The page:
The start therefore took place from 13:05, with no preliminary course for the Ultims and Ocean Fifties, and two passing marks for the Class40s. The mark at the “spectacle buoy” at Cap de la Hève, 3.5 miles after the line, gave rise to two collisions, one of which resulted in the retirement of Movember (Bertrand Guilloneau/Kito de Pavant). Given the conditions, wasn’t this course too risky? For Francis Le Goff, “you can always say after that it should have been done differently, we knew it was a challenge, but we thought that double-handed, with the Class40s, easier to handle, it was possible. They also had the possibility of extending the tack a little further to starboard. I have no regrets, but of course I’m sad for those who been involved in collisions.”

A number of complaints have been lodged and the jury decision on Wednesday, including time compensation for Seafrigo-Sogestran, which collided with Café Joyeux and was forced to go to Lorient by road. Contacted on Thursday by Tip & Shaft, Guillaume Pirouelle, co-skipper of the Norman boat, gave an update on the repairs: “Since Wednesday morning, the guys have been in Apicil’s hangar to repair the two bulkheads and the bottom of the hull, and we’re getting a starboard planking made at JPS, which we’re fitting on Friday, so we should be back in the water on Sunday.”

The conditions of the first leg, won in the Ocean Fifty by the duo Thibaut Vauchel-Camus / Quentin Vlamynck (Solidaires en Peloton) and in the Class40 by Ambrogio Beccaria / Nicolas Andrieu (Alla Grande Pirelli), were sustained and several boats suffered. Crédit Mutuel, one of the favourites in Class40, dismasted. But he too will be at the start of the second leg, according to his skipper Ian Lipinski: “We’d kept our old mast, so if all goes well, we’ll have re-masted by Saturday. Right now, with an old mast and some old sails that we’ve had to recut in a hurry, we’re not in ideal conditions. As Antoine (Carpentier, his co-skipper) says, we’re not going there for the competition any more, we’re going there for the sport!

Departures on Monday and Tuesday?

What about the start of the second leg in Lorient, and the start for the Imoca boats in Le Havre? On Thursday evening, the organisers announced that Sunday’s weather window was closed, suggesting a possible start early in the week. Francis Le Goff confirmed this to us on Friday: “At this stage, we’re continuing to work on a hypothesis of Monday for Lorient, Tuesday for Le Havre, with the locks exiting at 5am and the start after daybreak.” This hypothesis had still not been confirmed as this issue of Tip & Shaft was sent.

Will the Imoca be entitled to live TV this time? “The organiser’s stated and written intention is to provide all the necessary resources for a live start,” replies Antoine Mermod. “We didn’t get involved because the Imoca class asked for it,” explains Antoine Robin, “our first instinct was to ask ourselves how we could find a media window for this class. Depending on what the race director will decide, we’ll adjust our strategy. Is it better to do a live event for only 17,000 people early in the morning or a product similar to the live event to be supplied a little later to the channels so that they can broadcast it at a time with a bigger audience? We’ll see.”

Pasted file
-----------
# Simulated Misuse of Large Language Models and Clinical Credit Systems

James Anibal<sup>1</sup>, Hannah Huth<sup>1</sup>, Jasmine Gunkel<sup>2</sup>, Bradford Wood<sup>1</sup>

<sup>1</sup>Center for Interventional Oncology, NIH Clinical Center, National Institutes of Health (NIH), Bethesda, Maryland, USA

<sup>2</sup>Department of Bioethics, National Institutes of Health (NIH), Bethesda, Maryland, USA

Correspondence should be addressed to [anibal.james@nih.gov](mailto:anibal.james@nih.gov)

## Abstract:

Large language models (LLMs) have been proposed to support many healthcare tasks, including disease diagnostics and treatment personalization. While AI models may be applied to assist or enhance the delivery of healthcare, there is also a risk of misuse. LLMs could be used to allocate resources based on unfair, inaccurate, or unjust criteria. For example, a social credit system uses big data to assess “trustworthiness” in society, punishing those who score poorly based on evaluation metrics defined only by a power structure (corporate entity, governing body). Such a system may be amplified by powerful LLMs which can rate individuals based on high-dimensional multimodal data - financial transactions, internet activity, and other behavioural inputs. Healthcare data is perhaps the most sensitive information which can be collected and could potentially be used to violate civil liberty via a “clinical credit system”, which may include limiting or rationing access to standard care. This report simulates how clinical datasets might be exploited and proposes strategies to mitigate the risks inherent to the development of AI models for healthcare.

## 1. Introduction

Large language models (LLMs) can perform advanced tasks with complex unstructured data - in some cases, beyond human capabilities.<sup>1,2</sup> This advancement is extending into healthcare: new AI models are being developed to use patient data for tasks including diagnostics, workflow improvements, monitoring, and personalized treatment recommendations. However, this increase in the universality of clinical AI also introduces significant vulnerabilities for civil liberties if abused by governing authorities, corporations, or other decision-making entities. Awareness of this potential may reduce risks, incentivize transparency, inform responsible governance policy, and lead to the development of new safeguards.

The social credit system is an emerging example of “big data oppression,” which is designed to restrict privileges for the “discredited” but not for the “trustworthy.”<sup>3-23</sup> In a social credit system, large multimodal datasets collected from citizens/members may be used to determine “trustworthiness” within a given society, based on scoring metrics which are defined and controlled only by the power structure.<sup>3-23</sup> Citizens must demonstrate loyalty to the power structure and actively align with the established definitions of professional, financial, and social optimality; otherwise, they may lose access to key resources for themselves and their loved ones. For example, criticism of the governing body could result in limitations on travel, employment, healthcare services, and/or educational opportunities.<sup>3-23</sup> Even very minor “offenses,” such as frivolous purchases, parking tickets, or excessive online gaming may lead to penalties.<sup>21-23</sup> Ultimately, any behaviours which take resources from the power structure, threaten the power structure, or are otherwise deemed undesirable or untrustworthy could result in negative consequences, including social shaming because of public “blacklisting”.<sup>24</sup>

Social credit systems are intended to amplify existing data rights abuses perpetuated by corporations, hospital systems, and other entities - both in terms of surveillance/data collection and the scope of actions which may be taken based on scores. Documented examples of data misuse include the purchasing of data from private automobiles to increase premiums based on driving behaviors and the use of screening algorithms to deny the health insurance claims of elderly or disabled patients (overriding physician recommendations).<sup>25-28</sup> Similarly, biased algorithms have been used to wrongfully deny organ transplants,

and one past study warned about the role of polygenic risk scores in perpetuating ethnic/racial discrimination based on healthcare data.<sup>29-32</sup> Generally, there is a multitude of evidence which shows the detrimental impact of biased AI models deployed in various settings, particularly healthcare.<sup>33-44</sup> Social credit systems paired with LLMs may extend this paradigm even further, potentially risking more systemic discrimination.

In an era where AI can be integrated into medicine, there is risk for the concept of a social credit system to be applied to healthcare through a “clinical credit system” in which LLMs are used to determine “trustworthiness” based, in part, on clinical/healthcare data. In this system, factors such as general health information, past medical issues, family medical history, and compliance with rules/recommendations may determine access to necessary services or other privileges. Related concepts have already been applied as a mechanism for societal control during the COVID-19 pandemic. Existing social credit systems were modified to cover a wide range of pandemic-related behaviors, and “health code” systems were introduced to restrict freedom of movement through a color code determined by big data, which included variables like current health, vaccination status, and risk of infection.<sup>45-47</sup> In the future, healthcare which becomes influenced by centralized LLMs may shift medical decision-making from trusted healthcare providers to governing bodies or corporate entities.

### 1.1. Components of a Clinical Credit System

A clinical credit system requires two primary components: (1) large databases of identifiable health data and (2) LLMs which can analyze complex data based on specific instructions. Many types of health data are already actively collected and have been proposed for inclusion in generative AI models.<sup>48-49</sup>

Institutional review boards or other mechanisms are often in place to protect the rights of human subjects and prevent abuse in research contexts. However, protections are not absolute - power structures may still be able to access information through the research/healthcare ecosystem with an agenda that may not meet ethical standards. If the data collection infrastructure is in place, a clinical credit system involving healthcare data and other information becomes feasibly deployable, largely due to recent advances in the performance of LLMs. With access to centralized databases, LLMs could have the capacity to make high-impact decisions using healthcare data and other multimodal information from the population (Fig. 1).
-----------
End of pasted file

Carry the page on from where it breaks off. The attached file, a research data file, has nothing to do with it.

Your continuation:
To make up for lost time, the three fleets will be taking a direct, and therefore reduced, route – “We’re still wondering whether we’re putting an island for everyone on the route,” says the race director. When asked for a race time forecast, he sees, with all due caution, “the Ultims arriving around the 13th, the first Imoca boats and the Ocean Fifty around the 16th-17th, the Class40s from the 22nd”.

In other words, a delay of around five days on the planned schedule“We’re going to maintain our village organisation as planned, i.e. opening on the 11th, closing on the 19th,” explains Damien de Longueville, who runs the Martinique Transat association, in charge of the finish in Fort-de-France. “The fact that the boats are arriving later poses technical problems, so there are bound to be solutions, but the question is how much it will cost.” This will also be the case for the organisers in Le Havre: “It’s obvious that all this will lead to significant additional costs, and we’re in the process of putting a figure on that,” confirms Antoine Robin.

Is a postponement of the start (scheduled for November 26) of Retour à La Base, the solo Imoca return race which qualifies for the Vendée Globe, being considered? “As long as nothing has been validated, it’s difficult to say,” replies Antoine Mermod, “but with five days delay, that’s not a lot of time between the two races. It’s something we could imagine if the logistical and port conditions in Martinique allow it.”

Photo: Jean-Louis Carli / Alea